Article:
Conceived as an attempt to help illustrate Australia’s contribution to the war effort, but produced at the precise moment that the Second World War was winding down, The Overlanders (Harry Watt, 1946) embodies the stoic uncertainty of the post-war moment. Made by Scottish documentarian turned feature filmmaker Harry Watt for London-based Ealing Studios, the film’s Anglo-Australian nature has been shaped by a whole range of imperial-national negotiations.
From a British perspective, the film’s presentation of collective endeavour speaks to both the ‘Blitz spirit’ already depicted by documentarian Watt in films like London Can Take It! (1940), to the emerging post-war consensus, and to a latent desire to preserve Britain’s ‘imperial spirit’. In Australia, however, the film spoke directly to the complexities of the settler colonial conundrum, a perpetually emergent nation borne of Britain, but not entirely ‘British’. As a result, this film has traditionally been read as part of Australia’s national self-image, whilst simultaneously being excluded from almost all accounts of British cinema.
Reflecting on Peter Limbrick’s useful, if somewhat axiomatic, designation of Ealing’s first three Australian features as ‘settler colonial cinema par excellence’ (2007), my paper ponders what The Overlanders might have meant for British audiences in the immediate post-war moment, and considers the challenges it poses for existing notions of British national cinema. In doing so, I demonstrate how its depiction of a rising settler colonial ethos amongst Britain’s ‘loyal white Dominions’ both eroded and reinforced a sense of imperial pride in the post-war instant, as the realities of the coming decolonisation were offset by persistent visions of a ‘British world’ hastily reconstituted via the Commonwealth project.
Paper 3 Abstract : ‘To me, skin colour nothing. No important.’: Examining Honour and Catch Me Daddy as social problem thrillers
Kulraj Phullar, King’s College London
“Perhaps genres can even teach us about nations.” – Rick Altman (1999)
Social problem films have frequently deployed narrative strategies, scenarios and iconography from crime genres. Investigative plots facilitate the films’ epistemological quest to probe and understand the “problem” and affected parties. Meanwhile acts of violence (especially murder) reveal sites of conflict, particularly around personal and community identities, and contentious moral, legal and political positions. Social problem thrillers include the canonical collaborations between director Basil Dearden and producer Michael Relph – notably Sapphire (1959; selected for our British National Cinema module) and Victim (1961) – as well as more contemporary films like Dirty Pretty Things (Stephen Frears, 2002). The often-irreconcilable perspectives and lack of easy resolutions presented in these films are paralleled – and exacerbated – by tensions between “liberal” social messages and the conventions and expectations associated with crime, mystery and thriller genres.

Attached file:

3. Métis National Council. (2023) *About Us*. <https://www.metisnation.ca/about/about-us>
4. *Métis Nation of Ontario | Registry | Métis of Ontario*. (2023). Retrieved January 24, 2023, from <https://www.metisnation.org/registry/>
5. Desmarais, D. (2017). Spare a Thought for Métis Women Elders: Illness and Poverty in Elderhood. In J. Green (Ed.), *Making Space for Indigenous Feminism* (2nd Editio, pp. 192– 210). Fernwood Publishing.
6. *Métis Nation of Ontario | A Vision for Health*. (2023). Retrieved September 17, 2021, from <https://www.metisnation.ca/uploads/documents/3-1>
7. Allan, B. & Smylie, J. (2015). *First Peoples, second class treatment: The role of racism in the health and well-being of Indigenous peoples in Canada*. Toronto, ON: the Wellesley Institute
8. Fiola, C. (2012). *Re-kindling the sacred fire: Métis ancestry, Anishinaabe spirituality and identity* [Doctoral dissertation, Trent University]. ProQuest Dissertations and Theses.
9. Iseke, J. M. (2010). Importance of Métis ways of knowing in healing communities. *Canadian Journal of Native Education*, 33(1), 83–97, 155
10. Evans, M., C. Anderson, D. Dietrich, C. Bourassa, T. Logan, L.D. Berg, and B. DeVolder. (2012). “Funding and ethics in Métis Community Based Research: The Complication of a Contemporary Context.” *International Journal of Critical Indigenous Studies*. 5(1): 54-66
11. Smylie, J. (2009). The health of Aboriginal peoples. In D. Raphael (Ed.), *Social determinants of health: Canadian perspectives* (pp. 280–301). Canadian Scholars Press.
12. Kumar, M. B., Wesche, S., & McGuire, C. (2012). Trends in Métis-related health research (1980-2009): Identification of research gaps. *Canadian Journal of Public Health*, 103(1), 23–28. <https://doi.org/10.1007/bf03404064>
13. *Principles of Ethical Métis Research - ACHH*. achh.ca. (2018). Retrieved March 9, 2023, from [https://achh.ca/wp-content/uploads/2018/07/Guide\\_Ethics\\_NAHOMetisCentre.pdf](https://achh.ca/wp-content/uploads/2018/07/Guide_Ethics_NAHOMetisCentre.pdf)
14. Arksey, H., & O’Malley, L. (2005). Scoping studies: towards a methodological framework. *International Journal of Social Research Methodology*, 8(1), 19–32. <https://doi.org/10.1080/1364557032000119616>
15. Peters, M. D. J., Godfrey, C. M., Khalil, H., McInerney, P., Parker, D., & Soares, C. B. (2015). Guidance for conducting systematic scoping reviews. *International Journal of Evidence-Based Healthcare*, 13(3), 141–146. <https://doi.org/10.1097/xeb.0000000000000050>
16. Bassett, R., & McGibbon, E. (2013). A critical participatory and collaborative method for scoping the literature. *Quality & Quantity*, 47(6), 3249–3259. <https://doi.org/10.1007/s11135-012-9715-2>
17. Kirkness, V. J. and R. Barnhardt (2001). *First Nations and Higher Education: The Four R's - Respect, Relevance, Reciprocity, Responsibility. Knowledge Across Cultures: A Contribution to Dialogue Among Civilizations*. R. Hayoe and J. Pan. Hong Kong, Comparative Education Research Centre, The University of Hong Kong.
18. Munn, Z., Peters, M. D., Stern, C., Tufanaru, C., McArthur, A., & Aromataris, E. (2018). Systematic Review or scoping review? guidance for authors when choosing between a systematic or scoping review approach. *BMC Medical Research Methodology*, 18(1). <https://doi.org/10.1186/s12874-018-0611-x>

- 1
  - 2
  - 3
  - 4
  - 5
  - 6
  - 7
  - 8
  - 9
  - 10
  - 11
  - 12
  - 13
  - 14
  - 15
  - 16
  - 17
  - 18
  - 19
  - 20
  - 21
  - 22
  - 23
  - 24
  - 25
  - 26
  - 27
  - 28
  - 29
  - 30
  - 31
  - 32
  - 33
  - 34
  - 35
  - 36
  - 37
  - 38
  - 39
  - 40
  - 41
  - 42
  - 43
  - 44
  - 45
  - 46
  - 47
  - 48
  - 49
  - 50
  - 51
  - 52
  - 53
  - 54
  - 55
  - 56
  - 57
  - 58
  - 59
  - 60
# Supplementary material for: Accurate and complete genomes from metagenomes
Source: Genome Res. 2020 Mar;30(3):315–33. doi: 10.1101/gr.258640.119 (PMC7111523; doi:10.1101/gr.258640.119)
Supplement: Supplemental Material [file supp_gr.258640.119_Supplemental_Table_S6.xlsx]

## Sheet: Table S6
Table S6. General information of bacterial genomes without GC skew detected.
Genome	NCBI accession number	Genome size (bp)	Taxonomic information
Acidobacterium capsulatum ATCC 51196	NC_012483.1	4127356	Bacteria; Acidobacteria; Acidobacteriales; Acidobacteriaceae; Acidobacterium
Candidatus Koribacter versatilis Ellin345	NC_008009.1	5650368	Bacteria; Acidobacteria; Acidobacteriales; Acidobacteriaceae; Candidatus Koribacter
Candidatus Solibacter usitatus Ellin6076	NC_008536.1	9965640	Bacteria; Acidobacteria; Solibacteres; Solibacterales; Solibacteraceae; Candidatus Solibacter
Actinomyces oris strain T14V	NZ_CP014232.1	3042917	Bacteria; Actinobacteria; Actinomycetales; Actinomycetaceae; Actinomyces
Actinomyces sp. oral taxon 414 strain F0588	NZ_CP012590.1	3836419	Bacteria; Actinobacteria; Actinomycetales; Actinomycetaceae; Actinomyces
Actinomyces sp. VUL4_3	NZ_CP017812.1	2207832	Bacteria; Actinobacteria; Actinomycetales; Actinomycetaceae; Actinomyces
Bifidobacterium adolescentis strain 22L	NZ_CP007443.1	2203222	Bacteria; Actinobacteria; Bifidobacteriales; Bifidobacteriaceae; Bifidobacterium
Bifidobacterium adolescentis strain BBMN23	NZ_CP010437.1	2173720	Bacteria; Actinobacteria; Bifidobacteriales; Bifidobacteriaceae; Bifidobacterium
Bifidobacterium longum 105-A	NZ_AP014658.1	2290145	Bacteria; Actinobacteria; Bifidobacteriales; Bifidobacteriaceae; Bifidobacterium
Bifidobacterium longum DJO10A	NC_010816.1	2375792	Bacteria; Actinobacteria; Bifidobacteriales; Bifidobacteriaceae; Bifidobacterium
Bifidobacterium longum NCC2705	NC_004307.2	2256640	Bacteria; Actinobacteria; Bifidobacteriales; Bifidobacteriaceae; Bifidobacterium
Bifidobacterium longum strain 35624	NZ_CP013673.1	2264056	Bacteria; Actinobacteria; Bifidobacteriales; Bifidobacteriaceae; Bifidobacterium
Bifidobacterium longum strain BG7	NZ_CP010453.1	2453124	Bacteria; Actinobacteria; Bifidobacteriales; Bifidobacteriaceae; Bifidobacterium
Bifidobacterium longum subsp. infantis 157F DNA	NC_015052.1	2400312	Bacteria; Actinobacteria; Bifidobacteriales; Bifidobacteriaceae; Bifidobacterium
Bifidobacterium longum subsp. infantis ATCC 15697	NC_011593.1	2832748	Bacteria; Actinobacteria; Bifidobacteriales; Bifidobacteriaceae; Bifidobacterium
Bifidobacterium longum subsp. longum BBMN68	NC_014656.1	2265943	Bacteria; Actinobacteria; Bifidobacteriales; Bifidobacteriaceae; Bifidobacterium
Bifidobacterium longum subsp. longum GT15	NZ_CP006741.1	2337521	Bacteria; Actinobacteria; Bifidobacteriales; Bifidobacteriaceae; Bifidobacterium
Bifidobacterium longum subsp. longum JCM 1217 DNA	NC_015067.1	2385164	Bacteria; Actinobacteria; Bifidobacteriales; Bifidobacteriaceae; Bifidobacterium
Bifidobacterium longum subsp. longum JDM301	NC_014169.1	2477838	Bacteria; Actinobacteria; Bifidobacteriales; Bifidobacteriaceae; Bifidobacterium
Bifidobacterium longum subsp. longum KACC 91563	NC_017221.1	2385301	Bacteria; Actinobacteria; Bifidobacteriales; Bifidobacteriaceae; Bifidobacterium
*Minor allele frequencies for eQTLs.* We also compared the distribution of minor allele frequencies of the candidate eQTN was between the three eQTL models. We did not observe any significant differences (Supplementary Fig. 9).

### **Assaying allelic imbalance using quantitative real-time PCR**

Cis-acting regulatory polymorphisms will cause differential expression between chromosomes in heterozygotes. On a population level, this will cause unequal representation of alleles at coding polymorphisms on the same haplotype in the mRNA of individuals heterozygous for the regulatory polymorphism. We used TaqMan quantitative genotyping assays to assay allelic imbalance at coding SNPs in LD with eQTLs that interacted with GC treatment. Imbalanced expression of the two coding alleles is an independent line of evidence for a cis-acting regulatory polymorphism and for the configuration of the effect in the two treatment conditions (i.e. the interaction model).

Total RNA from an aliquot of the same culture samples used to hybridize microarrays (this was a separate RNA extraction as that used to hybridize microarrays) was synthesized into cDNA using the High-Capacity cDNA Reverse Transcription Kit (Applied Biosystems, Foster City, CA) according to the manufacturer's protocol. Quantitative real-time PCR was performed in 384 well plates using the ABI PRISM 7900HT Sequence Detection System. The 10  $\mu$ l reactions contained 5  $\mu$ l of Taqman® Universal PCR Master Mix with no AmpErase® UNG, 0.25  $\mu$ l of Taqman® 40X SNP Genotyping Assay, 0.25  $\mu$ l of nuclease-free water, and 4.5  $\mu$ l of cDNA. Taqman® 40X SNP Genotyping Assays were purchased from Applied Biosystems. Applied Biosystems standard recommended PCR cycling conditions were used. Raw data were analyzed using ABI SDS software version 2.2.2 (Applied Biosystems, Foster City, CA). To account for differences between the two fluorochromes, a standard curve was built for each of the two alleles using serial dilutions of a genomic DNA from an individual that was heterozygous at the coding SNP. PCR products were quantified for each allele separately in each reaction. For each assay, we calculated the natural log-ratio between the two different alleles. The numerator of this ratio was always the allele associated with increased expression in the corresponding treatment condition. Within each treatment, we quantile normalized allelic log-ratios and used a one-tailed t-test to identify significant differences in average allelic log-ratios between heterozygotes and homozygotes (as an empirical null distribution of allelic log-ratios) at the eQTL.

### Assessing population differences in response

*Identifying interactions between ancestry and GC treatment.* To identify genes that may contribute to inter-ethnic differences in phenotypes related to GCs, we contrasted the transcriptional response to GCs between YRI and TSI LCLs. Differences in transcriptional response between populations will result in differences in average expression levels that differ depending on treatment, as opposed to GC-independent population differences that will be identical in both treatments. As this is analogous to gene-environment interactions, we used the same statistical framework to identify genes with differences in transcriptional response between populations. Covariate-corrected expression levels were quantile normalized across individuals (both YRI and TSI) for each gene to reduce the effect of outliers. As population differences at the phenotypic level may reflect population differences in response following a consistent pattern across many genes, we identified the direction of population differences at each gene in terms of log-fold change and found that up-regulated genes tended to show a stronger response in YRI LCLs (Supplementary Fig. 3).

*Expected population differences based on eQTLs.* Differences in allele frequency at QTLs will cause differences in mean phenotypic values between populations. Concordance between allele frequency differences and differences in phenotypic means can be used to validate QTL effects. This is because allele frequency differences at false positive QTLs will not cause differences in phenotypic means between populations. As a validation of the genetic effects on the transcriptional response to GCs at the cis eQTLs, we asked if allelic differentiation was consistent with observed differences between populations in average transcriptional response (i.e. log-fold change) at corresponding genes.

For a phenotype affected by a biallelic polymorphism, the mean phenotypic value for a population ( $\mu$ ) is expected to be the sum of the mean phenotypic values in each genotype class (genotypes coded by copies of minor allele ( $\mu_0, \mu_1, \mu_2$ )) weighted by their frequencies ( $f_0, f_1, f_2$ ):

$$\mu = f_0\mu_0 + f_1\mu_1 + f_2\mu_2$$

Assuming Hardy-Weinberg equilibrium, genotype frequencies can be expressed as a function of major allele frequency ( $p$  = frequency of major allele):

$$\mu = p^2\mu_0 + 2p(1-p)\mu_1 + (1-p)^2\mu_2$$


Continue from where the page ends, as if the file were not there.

In light of these issues, this paper mobilises the social problem film as a conceptual frame for examining two “honour killing” thrillers released in 2014, Honour (Shan Khan) and Catch Me Daddy (Daniel Wolfe). Both films pit their potential-victims – young British-Muslim women romantically involved with non-Muslim men – against murderous Muslim families and morally-ambiguous white men hired by the latter to locate the women.
I will consider representations of these parties and their functions within the narrative, highlighting the problematic intersection of ethnic identities and genre within a post-colonial, post-9/11 context. These tensions invite us to interrogate whether the films are “about” honour killing or British-Muslims-as-Other, and the implications of asking such questions in the contemporary cultural and political climate.